Growing up playing everything between the Nintendo Entertainment System and the original PlayStation, both coffeeholics allude to seeing in Coffee Crisis the perfect extension of the Black Forge brand. ‘The metal and coffee themes were already in the mix; yet we never thought we would ever see the day that we would be playing ourselves as video game characters!’
‘Now it’s a reality and we have access to a whole new demographic of potential fans and customers.’ It’s true that in calling the entire experience enlightening, the pair goes on to attribute its newfound confidence in breaking molds, diversifying streams of revenue and overall brand awareness to Coffee Crisis.
Moreover with the game gearing up for a release across the more modern PC and Xbox One console this year, expectations of renewed interest in the coffee shop and its merchandise are at an all-time high.
Shortly after sending out its Sega Genesis/Mega Drive copies to backers through 2016, Mega Cat claims to have gone back to the drawing board with its backers. Appearances at some 20-odd gaming convention has not only yielded improved visual effects, animations, controls and a reinvigorated soundtrack, but a cranked up difficulty setting.
Death Metal Difficulty, as Mega Cat calls it, features an interplay of variables known as random modifiers that not only keeps each play-through of its brawler system uniquely challenging, but further enables enthusiasts to actively partake in their favorite Twitch/YouTube gaming content creator’s streams.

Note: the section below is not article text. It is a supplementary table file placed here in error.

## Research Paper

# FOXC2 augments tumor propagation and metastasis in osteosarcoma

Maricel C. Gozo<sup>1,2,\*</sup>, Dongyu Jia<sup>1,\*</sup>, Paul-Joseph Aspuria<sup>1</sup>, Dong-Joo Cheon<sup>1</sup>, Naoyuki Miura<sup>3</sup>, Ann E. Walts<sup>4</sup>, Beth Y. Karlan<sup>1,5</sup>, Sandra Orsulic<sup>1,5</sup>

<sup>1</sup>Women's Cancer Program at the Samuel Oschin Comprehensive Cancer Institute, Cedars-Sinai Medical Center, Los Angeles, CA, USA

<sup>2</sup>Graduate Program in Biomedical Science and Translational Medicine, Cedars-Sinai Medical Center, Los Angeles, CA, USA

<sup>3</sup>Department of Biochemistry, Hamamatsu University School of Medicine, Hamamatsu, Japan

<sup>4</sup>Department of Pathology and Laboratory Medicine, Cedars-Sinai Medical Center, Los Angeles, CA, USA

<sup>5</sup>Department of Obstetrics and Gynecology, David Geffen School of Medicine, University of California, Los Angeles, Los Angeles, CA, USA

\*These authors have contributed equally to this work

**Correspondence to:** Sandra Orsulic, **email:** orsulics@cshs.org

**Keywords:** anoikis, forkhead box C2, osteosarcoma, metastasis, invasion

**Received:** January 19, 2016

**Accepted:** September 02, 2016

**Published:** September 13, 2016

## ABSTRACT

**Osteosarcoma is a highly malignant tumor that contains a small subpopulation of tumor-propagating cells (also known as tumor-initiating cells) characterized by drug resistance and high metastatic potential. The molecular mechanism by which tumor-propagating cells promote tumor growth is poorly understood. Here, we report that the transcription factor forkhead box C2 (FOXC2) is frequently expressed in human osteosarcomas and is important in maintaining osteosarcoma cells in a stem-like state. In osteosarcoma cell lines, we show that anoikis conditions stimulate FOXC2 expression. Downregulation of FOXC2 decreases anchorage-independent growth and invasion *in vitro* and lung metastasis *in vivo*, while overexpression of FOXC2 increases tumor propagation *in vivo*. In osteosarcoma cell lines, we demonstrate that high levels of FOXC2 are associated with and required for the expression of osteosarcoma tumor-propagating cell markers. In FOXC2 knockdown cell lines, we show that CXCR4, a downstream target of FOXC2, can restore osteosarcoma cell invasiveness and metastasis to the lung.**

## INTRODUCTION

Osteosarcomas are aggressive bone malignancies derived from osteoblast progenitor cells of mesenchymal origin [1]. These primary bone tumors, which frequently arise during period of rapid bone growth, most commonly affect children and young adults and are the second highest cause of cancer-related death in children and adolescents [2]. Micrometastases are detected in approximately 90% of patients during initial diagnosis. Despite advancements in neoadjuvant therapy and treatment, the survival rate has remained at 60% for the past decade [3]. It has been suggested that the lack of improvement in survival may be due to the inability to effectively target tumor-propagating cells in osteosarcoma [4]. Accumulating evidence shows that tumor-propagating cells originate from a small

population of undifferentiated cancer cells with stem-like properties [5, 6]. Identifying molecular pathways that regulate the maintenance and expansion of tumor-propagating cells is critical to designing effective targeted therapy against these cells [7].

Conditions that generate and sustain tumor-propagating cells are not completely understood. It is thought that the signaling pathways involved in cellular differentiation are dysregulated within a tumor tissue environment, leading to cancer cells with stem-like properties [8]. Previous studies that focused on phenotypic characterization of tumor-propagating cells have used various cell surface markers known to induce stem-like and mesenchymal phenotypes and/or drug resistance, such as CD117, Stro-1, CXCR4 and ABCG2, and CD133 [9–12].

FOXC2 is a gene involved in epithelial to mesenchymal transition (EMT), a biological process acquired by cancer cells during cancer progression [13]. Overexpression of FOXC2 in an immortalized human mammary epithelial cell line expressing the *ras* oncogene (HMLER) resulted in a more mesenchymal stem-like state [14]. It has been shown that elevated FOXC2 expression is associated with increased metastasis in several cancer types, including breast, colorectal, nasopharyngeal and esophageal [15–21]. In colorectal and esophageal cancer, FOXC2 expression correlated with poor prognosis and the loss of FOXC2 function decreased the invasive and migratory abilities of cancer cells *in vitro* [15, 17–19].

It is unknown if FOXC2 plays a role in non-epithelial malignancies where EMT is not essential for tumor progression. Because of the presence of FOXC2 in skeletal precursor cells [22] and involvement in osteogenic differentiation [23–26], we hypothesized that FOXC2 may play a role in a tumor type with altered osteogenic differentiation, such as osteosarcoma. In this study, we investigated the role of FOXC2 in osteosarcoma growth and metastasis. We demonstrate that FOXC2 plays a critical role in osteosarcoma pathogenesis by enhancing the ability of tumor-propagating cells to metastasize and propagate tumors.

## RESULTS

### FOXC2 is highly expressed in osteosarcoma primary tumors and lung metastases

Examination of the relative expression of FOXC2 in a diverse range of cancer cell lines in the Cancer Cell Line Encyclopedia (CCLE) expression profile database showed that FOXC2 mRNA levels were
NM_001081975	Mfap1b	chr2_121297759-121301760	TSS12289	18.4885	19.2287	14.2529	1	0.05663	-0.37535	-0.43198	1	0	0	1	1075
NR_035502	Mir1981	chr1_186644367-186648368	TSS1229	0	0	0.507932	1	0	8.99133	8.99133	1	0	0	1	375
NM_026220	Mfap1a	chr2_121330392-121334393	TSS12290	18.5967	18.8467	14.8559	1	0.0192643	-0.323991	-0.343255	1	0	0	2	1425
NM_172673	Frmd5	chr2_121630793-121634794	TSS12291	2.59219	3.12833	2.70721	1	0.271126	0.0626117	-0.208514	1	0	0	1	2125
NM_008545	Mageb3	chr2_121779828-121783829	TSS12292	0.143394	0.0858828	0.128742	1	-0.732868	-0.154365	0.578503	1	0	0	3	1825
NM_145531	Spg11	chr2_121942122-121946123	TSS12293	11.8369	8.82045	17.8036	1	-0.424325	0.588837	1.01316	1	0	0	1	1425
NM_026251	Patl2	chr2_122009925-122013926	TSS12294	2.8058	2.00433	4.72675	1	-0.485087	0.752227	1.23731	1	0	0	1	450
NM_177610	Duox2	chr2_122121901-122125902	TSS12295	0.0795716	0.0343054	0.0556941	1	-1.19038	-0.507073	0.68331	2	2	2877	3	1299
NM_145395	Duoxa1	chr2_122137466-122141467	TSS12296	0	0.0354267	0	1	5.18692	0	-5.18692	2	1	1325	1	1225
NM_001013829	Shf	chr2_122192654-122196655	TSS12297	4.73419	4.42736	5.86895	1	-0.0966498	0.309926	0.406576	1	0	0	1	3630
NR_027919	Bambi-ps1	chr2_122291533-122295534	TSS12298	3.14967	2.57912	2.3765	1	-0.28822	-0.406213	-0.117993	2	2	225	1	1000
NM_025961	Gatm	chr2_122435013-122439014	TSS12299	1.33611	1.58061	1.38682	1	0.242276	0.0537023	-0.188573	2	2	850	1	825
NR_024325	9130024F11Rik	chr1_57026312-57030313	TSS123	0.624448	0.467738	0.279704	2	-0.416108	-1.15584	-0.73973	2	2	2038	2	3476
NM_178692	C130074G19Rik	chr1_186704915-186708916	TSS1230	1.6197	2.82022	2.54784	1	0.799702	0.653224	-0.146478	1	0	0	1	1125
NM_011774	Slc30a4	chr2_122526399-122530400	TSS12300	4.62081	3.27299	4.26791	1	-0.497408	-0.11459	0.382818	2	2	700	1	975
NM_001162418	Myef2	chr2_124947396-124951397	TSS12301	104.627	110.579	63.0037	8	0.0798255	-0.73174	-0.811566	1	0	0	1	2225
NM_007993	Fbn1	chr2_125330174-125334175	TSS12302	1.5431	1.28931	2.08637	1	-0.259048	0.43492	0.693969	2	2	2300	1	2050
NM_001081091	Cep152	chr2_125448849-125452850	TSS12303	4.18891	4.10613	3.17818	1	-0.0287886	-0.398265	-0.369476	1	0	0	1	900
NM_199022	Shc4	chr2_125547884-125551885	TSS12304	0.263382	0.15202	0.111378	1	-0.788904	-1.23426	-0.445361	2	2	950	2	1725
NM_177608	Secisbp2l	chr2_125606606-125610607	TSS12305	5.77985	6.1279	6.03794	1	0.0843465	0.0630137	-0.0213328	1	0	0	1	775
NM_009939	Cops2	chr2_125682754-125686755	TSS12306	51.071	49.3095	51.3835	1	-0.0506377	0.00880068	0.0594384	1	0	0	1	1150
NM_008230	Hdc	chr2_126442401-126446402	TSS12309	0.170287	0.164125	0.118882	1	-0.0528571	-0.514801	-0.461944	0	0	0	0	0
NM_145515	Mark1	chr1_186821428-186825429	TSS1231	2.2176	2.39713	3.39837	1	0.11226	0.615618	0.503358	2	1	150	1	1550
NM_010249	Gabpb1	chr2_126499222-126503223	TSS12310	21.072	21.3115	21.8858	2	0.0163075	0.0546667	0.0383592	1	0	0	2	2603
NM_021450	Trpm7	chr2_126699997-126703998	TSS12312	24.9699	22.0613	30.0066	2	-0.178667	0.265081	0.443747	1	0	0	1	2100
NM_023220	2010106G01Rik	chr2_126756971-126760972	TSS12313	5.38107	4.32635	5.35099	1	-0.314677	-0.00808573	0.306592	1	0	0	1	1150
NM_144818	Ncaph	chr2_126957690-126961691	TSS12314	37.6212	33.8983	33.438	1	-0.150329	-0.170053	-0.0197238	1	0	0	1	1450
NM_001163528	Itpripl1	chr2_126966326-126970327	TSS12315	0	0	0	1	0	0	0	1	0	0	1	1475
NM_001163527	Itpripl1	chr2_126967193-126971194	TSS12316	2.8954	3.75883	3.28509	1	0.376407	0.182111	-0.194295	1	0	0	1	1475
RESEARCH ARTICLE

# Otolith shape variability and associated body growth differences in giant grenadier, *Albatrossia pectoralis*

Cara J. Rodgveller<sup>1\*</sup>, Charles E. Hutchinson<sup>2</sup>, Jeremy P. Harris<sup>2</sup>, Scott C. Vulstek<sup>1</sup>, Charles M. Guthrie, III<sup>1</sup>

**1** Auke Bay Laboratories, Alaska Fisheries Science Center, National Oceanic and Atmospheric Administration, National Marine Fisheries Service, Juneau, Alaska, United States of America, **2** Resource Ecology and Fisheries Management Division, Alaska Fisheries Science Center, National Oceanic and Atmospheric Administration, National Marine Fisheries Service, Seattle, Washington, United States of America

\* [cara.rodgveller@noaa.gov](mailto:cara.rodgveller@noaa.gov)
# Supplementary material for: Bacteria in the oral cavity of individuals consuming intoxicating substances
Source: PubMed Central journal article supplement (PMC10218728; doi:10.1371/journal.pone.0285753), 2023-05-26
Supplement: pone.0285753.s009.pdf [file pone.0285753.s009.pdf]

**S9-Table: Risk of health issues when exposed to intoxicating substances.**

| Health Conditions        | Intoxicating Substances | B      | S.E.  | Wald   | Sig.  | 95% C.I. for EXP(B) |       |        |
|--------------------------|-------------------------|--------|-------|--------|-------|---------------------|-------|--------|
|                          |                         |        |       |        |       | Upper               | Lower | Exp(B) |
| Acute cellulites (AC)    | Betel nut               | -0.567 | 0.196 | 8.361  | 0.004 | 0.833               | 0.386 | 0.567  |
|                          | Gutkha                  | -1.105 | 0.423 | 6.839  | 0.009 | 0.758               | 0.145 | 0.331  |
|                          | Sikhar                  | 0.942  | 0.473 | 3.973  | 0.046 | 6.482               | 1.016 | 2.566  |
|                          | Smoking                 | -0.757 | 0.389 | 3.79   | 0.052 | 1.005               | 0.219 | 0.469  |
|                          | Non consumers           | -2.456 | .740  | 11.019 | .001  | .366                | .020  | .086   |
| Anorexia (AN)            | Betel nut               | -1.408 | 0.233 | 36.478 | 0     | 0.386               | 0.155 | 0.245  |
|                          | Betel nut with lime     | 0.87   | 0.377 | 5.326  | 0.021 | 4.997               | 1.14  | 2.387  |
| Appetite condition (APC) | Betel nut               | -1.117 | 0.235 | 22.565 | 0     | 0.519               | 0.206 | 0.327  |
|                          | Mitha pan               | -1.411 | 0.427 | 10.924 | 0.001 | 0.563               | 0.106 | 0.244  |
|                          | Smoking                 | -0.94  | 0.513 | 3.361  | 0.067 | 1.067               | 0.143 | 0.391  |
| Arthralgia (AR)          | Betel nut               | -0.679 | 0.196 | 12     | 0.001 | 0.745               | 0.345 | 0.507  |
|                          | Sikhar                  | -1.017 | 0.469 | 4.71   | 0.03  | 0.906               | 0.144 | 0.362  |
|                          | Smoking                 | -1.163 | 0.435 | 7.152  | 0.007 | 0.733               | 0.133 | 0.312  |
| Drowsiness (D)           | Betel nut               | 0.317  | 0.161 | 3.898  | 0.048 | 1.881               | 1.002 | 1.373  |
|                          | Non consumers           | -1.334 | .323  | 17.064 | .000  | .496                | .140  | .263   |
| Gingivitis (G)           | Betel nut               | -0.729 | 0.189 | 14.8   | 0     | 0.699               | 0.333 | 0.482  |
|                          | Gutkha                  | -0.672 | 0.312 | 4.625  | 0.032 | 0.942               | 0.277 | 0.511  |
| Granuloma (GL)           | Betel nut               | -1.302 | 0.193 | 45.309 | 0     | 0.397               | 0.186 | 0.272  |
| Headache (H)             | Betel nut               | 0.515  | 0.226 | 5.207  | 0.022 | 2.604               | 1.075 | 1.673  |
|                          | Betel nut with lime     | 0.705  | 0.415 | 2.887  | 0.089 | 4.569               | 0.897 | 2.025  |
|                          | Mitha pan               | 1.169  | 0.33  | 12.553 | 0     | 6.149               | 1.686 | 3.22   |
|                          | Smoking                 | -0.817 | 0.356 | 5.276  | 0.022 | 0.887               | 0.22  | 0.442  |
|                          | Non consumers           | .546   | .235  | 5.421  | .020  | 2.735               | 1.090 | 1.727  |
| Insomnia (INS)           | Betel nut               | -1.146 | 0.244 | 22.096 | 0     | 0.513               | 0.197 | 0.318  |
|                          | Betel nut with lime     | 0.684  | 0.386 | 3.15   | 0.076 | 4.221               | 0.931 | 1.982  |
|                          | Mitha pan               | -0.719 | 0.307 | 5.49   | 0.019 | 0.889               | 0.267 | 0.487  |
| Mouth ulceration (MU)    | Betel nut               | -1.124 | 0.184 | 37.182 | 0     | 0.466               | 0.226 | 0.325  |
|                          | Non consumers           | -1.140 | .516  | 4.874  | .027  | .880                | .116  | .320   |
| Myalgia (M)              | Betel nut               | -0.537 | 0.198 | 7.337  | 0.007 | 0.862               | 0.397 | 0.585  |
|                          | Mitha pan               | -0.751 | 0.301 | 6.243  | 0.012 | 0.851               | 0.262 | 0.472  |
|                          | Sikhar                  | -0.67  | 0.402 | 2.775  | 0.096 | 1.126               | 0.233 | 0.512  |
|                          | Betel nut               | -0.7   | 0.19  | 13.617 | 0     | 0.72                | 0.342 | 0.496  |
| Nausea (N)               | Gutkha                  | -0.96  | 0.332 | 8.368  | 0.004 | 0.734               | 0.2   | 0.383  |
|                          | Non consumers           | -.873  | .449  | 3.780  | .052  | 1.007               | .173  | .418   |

‘With support for Twitch & Mixer integration alone, we’ve not only seen average play times double but streamers circling back to play the Coffee Crisis again over subsequent days,’ attests James Deighan. ‘That said, we’re yet to find someone capable of beating Death Metal difficulty’.
Fans of the retrospective absurdity of a gaming experience Coffee Crisis hopes to offer will be able to pick up a Windows/Mac/Linux-compatible copy from either of the Steam or GOG stores this month, while the Xbox One release has been slated for late July.
The original Sega Genesis/Mega Drive edition however is available on the Mega Cat online shop, with a special discount on the same promised to those who successfully score past a particular threshold on either of the PC or Xbox versions.
‘No matter how cool us elderly folk think retro games are, bridging the generational gap of new school gamers to old school platforms is truly very important,’ Black Forge exhorts when asked if a Coffee Crisis port is a necessity it believes in.
‘The video game industry is fascinating after all and very much its own monster.’
This article was commissioned by Mega Cat Studios on account of Coffee Crisis’ PC/Xbox One release, to which Sean Braganza has been contributing as an independent contractor in a PR/content writing capacity. More information on its portfolio listing here.
When it really shouldn’t.
Mega Cat Studios has considered itself part of the ol’ Kickstarter Retro Renaissance after all, wherein anything past discrediting the cloud and evangelizing cassettes is probably heresy.
Retrospective box-sets were delivered to their equally retrospective Sega Genesis/Mega Drive owners and now, the game’s all steamed to make its debut on the PC/Xbox One across May-July. To which you might fairly enquire if the forthcoming ports are any different.
Quite a bit, actually.